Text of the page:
Protests over an Eco-Sensitive Zone in Narmada district


Recently, tribal communities in Gujarat have been protesting against the Ministry of Environment, Forest and Climate Change (MoEFCC) order classifying 121 villages around the Shoolpaneshwar Wildlife Sanctuary in Narmada district as eco-sensitive zones.

Tribal communities have been protesting against the notification since the beginning of November, 2020. Tribals, especially from the Tadvi and Vasava communities, have been on the edge ever since Kevadia, a sleepy village in Nandod taluka of Narmada district, was developed into a tourism circuit around the Statue of Unity.


Reasons for the protest :-

  • Land falling in the eco-sensitive zone, including land used for agricultural use and plots reserved for parks, cannot be transferred for non-agricultural use for commercial, industrial or residential purposes.
  • Any land that needs to be transferred can be done so only after approval from the state government.
  • A process has been initiated to include the state government as the co-owner of the land in the 121 villages.
  • Increased administrative needs owing to the booming tourism, has left tribals in a state of mistrust and fear.
  • The simultaneous implementation of the two government decisions could dilute the “power” vested with villagers under the Panchayat (Extension of Scheduled Areas) Act, 1996, implemented in areas notified under Schedule V of the Constitution.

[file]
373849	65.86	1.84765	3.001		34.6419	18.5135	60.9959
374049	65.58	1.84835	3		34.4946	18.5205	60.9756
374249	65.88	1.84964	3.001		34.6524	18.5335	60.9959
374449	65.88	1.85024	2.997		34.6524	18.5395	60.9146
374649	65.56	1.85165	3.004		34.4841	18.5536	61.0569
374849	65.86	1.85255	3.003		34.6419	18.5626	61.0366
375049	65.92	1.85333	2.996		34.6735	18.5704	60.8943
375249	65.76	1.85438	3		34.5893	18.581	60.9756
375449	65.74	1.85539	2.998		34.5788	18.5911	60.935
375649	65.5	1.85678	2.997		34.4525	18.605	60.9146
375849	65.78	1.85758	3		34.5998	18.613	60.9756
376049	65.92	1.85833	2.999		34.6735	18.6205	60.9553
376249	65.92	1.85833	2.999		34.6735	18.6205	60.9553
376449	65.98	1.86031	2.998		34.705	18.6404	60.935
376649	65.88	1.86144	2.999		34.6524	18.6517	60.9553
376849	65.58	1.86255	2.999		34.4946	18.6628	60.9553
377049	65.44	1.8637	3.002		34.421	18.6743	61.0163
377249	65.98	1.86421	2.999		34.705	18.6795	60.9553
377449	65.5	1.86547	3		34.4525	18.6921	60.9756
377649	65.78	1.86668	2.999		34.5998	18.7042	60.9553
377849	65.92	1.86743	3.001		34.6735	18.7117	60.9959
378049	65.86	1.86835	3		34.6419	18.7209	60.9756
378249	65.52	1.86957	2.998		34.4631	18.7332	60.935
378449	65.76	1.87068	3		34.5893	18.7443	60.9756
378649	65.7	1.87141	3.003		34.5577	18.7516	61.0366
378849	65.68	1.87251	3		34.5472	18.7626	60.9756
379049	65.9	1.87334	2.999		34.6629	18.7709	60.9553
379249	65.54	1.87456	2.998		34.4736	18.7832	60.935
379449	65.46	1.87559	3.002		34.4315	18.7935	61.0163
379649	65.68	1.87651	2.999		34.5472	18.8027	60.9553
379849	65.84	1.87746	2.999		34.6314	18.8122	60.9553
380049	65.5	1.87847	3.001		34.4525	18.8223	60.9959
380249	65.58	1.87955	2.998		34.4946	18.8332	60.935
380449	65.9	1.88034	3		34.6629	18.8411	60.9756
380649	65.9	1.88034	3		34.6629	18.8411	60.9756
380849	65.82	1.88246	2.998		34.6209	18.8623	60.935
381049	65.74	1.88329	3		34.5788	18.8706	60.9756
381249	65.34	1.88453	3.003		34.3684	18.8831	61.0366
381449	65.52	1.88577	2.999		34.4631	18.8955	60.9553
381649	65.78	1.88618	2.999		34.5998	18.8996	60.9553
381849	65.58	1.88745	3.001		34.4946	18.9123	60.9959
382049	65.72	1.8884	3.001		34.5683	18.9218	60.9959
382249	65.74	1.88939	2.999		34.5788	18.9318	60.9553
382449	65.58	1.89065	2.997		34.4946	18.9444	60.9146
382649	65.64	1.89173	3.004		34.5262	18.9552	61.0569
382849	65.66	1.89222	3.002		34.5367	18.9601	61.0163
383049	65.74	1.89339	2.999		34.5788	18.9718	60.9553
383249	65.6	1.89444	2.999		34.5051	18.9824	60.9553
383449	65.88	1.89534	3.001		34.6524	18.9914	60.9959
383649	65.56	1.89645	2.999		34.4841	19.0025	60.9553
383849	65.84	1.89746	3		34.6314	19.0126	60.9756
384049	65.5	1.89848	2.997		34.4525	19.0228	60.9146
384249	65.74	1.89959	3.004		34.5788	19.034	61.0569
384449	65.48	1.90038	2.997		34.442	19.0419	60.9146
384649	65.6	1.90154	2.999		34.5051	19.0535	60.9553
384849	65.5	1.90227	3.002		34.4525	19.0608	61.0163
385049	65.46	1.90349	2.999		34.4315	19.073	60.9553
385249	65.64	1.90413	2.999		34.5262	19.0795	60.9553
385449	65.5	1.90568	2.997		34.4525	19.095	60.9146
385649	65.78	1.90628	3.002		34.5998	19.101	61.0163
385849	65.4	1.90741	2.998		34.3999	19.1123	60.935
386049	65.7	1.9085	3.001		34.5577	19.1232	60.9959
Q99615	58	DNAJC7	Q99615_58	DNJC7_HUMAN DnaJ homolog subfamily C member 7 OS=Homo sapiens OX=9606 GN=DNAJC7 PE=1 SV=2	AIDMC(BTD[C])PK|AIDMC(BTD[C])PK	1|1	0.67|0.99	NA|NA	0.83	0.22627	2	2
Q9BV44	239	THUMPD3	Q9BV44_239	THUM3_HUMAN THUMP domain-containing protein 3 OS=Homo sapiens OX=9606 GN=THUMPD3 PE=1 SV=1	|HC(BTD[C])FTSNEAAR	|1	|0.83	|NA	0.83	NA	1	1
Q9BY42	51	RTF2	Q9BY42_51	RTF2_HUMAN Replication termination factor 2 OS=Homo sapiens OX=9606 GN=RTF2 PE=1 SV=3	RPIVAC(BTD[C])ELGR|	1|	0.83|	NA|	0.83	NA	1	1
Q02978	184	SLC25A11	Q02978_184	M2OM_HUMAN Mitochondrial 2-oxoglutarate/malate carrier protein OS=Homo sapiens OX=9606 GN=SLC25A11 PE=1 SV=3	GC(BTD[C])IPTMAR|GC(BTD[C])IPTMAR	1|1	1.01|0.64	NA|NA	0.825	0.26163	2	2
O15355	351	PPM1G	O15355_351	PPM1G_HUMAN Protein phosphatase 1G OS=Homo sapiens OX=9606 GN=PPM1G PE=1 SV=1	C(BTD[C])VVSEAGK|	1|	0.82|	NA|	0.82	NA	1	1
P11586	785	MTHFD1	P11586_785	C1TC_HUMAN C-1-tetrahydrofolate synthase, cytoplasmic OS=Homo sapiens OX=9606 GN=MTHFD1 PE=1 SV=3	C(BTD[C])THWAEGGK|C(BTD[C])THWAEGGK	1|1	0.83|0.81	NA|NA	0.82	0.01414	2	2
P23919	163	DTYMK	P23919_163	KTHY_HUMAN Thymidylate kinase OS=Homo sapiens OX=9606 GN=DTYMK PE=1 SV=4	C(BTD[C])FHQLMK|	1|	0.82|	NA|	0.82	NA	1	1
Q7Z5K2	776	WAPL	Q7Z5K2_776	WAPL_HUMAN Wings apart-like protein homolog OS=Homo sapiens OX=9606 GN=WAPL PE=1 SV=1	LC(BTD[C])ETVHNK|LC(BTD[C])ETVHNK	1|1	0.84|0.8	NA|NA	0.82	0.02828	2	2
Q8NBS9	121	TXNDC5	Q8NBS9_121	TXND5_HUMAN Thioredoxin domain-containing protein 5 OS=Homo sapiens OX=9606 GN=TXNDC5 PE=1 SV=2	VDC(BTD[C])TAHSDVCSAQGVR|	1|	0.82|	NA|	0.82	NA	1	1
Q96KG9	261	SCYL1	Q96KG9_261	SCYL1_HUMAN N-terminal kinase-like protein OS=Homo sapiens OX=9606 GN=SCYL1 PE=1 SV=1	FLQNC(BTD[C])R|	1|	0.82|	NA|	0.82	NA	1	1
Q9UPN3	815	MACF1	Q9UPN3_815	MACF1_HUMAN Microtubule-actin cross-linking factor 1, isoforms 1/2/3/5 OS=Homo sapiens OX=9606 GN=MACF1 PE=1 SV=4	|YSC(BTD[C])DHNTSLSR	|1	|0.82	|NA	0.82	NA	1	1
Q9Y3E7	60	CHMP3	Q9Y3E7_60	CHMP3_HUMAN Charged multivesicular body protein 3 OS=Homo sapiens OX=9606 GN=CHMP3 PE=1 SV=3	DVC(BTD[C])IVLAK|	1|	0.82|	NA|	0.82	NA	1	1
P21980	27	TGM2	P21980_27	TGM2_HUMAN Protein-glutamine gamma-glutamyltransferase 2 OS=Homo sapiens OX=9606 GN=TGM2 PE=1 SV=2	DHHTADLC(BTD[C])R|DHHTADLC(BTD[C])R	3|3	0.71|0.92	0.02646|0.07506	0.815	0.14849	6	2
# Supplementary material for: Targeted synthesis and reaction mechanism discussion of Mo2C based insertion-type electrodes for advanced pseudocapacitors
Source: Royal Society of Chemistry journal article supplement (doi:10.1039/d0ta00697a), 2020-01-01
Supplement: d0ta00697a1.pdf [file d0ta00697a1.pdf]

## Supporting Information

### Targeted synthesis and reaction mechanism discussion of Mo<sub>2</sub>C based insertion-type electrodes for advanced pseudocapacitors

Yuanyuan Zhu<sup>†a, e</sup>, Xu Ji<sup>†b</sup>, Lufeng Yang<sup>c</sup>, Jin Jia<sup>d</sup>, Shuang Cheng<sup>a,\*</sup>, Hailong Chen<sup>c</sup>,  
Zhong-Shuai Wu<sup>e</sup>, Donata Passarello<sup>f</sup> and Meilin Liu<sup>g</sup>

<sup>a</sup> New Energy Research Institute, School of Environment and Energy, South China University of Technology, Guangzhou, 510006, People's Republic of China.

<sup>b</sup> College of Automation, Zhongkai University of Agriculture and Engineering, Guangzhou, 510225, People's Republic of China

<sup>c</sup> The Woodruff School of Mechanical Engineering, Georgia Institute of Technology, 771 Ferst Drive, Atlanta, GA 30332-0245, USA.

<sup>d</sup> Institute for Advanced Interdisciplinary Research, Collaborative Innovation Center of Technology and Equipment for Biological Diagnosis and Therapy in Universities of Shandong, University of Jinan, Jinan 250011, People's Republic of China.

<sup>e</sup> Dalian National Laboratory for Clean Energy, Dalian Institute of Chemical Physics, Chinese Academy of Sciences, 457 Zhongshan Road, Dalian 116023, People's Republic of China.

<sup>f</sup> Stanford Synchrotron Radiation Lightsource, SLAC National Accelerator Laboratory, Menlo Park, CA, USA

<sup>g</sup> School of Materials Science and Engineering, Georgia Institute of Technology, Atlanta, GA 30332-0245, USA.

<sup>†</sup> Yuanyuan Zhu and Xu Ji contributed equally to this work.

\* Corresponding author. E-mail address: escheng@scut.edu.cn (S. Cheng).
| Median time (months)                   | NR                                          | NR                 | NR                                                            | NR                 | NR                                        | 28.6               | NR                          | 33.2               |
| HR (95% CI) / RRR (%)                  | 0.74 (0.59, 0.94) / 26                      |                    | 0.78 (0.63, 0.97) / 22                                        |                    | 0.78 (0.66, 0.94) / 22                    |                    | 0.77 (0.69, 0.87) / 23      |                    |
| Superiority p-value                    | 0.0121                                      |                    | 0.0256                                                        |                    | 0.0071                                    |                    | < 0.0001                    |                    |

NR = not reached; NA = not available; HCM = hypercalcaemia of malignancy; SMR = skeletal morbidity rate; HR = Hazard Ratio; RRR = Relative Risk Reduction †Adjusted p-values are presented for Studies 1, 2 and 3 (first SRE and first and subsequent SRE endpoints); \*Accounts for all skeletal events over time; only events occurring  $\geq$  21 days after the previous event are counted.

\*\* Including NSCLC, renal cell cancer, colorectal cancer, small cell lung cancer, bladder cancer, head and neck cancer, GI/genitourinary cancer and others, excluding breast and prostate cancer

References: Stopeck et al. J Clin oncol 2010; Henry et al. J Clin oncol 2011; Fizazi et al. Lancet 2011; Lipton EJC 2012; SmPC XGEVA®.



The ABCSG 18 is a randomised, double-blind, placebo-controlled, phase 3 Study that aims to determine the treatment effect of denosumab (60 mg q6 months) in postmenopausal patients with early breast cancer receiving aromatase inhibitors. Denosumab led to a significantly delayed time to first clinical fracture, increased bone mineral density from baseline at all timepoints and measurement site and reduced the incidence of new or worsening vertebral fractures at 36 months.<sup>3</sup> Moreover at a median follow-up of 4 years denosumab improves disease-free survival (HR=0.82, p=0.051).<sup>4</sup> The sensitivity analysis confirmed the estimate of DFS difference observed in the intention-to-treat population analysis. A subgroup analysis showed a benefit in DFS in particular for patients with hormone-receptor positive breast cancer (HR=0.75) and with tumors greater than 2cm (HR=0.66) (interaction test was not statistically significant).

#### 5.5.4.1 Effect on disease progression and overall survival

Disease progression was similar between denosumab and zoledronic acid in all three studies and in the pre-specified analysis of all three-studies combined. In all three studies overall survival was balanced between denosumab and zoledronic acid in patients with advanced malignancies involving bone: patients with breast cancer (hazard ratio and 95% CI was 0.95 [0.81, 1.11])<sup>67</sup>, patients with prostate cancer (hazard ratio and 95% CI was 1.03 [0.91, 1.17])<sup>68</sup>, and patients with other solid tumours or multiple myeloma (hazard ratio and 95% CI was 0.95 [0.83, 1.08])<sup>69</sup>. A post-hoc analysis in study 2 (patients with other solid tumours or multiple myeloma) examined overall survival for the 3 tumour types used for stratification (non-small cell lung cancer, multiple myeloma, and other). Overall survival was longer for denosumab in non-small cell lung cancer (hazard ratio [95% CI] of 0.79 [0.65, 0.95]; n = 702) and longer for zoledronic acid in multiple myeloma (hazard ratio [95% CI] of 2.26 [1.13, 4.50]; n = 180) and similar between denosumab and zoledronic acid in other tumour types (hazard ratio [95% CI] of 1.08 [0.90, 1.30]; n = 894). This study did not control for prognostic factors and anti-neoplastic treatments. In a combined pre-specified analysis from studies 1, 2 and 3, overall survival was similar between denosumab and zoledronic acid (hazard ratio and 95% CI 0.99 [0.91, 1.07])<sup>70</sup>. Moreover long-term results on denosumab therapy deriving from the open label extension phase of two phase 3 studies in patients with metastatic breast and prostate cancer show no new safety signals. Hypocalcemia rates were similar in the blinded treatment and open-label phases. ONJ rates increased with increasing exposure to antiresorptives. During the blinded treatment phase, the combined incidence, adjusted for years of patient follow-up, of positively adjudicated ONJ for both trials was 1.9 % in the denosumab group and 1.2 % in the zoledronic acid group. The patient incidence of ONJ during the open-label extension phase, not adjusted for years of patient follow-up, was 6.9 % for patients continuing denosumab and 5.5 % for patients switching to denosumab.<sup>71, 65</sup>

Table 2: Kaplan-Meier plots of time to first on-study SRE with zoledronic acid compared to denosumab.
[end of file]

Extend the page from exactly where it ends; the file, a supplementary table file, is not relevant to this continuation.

Panchayat (Extension of Scheduled Areas) Act, 1996 :-

  • Gujarat notified the State PESA Rules in January 2017, applicable in 4,503 gram sabhas in eight districts of the state.
  • The Act promised a separate security force for the gram sabhas that would have complete power to decide their issues.
  • The provisions of the law deem the gram sabhas as “most competent” to deal with matters related to their territories for safeguarding their customs, traditions as well as the natural resources in the tribal areas.
  • The Act has not been enforced in letter and spirit, according to legal experts.

The government passed the SoU Area Development and Tourism Governance Authority or the SoU Tourism Authority (SoUTA) Bill in 2019. The Bill sets aside Rs. 10 crore from the consolidated fund of the state for the discharge of functions and duties by SoUTA. While activists and legal experts feel the Act will overpower the provisions of PESA, officials say rules of SoUTA are yet to be clarified. It will largely work as a local body that will prepare and execute a development plan or a town planning scheme, remove encroachments and provide civic amenities like water supply, transportation, power supply, drainage, hospitals, medical services, schools, public parks, markets, shopping places, and disposal of waste among others.


The powers provided through this act include- :-

  • Acquiring immovable property under the Right to Fair Compensation and Transparency in Land Acquisition, Rehabilitation and Resettlement Act, 2013.
  • Taking punitive action against those violating/encroaching it. Defining the limits of the tourism development area. Persons authorised can enter any land or building between sunrise and sunset by giving its occupant a notice of at least 24 hours.
  • Shields the authority and its members from any legal proceeding or prosecution for anything which is in good faith done or intended to be done in pursuance of the provisions of this Act or any rules or regulations made thereunder.

The Gujarat government has decided to go ahead with its plan to formalise the creation of the new authority for the SoU, which has been aggressively marketed as a tourism destination. the state government announced details of SoUTA, where the first circle will include administrators for the Statue of Unity, Shreshth Bharat Bhavan, Gora bridge navigation channel, Jetty service and overall maintenance of the complex. The second circle will include the administrators for all other projects around SoU.